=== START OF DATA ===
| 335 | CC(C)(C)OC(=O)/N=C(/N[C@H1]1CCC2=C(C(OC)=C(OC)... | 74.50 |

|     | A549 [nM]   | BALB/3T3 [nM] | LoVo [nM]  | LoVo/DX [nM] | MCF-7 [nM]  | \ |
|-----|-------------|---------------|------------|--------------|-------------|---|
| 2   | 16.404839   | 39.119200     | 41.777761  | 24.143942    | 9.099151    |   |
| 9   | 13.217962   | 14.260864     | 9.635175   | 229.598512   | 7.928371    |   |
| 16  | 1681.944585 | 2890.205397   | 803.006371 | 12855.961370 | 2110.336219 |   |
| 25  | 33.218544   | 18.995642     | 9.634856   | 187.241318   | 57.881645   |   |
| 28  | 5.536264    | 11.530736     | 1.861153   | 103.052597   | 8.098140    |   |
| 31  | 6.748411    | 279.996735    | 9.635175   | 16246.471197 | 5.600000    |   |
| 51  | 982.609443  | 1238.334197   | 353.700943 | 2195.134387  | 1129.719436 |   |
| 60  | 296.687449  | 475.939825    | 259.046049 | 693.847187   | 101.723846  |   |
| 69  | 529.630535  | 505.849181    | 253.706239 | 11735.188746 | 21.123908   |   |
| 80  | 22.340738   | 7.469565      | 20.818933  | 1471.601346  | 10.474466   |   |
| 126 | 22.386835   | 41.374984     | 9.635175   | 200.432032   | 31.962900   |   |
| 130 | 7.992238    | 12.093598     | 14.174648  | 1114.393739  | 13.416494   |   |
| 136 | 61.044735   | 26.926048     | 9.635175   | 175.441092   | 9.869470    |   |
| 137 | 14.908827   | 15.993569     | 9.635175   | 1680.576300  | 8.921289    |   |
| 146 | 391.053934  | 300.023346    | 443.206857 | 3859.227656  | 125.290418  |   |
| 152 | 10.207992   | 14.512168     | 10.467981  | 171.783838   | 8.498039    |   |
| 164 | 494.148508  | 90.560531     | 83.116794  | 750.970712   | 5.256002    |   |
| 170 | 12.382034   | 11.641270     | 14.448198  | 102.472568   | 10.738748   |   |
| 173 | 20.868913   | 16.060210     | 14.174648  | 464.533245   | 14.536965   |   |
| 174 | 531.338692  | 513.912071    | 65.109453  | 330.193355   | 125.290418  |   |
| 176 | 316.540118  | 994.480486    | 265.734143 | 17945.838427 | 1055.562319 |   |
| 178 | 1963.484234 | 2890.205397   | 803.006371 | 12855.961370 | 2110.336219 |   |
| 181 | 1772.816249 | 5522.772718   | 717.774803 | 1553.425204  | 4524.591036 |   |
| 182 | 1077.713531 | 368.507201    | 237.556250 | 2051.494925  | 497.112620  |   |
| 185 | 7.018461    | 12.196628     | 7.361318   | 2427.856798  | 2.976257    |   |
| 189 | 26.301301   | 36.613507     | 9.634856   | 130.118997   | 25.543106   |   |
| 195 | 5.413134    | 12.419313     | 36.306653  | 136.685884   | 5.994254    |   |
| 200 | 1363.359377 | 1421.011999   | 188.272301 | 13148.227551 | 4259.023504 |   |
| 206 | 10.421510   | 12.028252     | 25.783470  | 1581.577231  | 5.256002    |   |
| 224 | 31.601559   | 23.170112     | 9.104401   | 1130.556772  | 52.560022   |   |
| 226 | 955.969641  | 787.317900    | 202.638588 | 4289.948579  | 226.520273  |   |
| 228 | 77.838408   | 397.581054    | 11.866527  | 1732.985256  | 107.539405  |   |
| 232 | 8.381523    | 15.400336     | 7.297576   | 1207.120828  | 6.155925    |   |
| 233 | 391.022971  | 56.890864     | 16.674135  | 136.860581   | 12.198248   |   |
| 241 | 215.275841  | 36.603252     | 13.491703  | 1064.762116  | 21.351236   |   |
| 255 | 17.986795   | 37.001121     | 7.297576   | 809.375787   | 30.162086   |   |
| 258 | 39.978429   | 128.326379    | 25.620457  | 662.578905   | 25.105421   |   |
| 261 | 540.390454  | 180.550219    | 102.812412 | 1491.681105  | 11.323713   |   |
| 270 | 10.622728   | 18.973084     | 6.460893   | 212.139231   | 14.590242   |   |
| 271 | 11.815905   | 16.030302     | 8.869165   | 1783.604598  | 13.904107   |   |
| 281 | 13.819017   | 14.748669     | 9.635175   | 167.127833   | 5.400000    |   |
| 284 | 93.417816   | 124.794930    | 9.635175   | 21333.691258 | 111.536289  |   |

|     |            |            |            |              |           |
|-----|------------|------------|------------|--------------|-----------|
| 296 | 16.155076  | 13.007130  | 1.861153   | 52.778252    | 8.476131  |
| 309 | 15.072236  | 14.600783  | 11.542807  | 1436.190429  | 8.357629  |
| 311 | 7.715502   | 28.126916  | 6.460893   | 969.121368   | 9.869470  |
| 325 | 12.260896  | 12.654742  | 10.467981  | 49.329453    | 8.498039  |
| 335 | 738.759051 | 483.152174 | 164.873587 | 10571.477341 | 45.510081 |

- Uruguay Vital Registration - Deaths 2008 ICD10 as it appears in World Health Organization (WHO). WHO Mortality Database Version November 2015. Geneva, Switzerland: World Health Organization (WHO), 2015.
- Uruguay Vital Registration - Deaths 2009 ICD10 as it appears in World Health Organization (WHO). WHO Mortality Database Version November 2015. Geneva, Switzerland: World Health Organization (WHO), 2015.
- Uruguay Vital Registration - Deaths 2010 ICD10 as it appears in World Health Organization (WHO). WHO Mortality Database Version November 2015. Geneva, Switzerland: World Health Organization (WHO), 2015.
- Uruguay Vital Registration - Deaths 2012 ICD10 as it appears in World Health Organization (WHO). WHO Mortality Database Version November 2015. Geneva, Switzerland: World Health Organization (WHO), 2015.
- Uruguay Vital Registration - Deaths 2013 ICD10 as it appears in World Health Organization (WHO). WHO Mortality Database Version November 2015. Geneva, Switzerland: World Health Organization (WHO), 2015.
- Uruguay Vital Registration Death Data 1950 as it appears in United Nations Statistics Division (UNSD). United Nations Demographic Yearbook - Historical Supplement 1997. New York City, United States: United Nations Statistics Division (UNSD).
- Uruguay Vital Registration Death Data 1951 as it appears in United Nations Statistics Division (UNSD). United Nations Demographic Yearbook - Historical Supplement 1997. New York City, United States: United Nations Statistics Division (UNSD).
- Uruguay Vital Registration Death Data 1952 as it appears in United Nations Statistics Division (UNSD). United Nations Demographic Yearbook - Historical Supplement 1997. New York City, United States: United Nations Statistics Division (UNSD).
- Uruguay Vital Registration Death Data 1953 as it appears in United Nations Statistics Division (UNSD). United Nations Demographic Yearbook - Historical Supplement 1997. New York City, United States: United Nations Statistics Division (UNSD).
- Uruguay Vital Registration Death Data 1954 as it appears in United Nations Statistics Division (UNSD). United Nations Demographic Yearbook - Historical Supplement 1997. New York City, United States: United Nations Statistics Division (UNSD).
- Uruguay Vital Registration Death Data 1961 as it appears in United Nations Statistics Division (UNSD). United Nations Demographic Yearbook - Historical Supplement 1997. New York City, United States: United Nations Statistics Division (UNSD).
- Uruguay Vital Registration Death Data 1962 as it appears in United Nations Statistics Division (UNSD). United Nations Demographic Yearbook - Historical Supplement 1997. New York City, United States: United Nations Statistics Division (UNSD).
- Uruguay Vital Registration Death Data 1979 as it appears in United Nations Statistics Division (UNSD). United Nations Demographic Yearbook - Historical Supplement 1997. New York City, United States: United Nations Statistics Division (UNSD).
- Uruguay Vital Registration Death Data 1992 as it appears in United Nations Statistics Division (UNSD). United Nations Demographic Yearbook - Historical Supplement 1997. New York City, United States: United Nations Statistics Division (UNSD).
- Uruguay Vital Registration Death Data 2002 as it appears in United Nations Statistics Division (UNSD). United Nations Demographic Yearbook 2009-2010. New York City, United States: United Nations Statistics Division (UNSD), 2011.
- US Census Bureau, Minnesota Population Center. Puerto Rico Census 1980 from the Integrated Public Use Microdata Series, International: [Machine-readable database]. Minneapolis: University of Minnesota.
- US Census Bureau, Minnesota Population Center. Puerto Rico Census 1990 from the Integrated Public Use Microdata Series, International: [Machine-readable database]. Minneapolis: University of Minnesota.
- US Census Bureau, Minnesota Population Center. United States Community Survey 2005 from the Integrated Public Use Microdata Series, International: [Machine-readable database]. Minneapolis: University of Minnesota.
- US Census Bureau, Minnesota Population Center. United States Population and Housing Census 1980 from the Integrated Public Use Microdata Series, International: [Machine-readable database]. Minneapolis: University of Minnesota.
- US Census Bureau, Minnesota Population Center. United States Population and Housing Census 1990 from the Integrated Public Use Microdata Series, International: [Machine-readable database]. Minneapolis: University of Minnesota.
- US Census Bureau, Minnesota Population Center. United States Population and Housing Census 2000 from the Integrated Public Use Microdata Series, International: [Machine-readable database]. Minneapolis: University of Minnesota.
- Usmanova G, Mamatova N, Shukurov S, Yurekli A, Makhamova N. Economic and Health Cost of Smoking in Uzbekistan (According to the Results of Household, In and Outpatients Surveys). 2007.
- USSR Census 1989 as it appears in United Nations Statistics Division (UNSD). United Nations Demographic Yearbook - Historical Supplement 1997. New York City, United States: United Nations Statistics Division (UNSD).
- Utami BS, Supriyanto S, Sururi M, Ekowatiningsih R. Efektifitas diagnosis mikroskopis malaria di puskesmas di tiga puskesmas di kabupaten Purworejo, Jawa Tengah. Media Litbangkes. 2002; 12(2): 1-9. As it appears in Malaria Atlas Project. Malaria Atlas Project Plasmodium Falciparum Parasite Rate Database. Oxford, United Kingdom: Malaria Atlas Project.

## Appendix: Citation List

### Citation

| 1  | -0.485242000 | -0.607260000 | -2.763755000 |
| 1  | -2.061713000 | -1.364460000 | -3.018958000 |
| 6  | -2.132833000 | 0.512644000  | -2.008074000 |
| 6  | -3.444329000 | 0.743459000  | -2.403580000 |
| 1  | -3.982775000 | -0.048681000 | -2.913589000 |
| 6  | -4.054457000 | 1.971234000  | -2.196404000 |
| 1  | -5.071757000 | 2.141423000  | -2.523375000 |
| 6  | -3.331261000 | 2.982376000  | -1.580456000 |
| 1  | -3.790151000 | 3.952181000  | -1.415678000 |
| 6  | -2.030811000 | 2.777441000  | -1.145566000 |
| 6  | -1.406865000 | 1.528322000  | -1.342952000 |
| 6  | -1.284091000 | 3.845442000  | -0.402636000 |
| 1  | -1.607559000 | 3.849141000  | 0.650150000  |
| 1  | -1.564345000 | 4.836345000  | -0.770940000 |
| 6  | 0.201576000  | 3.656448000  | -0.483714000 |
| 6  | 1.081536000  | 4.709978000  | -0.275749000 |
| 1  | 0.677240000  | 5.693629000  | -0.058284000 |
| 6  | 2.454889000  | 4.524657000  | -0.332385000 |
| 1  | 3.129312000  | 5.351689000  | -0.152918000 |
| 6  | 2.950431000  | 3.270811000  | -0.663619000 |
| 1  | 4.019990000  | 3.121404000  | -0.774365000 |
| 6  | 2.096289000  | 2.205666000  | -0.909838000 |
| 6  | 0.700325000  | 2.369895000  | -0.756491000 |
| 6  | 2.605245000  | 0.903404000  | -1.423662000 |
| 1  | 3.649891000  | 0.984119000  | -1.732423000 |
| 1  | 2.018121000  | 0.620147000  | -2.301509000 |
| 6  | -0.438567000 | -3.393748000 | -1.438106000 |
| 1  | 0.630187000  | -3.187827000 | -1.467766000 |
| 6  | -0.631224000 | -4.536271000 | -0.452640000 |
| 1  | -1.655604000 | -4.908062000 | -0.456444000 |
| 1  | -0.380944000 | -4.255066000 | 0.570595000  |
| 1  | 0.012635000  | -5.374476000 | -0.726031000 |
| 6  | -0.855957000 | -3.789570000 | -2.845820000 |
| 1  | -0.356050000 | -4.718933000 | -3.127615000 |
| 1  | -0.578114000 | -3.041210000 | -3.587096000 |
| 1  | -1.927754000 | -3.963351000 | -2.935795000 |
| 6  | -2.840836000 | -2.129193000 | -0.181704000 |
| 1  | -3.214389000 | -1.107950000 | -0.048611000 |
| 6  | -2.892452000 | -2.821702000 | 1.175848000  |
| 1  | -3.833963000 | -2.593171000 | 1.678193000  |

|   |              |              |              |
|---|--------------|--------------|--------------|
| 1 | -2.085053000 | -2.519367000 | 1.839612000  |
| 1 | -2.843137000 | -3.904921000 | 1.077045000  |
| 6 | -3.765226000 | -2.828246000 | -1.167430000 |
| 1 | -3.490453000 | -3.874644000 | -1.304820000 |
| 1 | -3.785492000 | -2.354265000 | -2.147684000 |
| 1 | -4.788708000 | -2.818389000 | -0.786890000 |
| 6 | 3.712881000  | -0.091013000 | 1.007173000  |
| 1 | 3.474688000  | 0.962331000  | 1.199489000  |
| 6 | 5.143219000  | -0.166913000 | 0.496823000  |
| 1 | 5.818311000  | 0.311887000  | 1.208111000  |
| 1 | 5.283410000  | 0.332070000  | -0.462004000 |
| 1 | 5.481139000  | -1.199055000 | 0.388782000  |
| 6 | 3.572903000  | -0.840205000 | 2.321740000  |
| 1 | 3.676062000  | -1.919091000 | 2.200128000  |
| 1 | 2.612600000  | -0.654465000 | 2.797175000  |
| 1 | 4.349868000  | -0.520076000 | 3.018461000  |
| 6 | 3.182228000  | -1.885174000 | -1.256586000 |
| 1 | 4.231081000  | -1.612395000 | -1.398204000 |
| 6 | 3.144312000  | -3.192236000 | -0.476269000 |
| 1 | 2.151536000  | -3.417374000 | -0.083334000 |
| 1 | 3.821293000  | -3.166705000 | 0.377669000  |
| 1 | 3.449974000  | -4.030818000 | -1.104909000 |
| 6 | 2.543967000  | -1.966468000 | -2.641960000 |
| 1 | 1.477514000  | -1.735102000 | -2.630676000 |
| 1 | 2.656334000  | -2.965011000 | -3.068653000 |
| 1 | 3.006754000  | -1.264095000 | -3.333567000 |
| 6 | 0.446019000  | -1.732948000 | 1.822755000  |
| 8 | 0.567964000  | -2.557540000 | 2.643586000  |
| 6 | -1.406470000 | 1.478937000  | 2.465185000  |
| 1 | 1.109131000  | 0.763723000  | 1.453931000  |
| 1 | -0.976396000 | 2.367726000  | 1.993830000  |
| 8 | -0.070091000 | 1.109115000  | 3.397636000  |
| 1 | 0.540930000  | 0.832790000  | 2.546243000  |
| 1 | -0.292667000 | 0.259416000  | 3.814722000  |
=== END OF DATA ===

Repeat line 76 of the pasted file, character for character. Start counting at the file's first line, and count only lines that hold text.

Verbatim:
- Utami BS, Supriyanto S, Sururi M, Ekowatiningsih R. Efektifitas diagnosis mikroskopis malaria di puskesmas di tiga puskesmas di kabupaten Purworejo, Jawa Tengah. Media Litbangkes. 2002; 12(2): 1-9. As it appears in Malaria Atlas Project. Malaria Atlas Project Plasmodium Falciparum Parasite Rate Database. Oxford, United Kingdom: Malaria Atlas Project.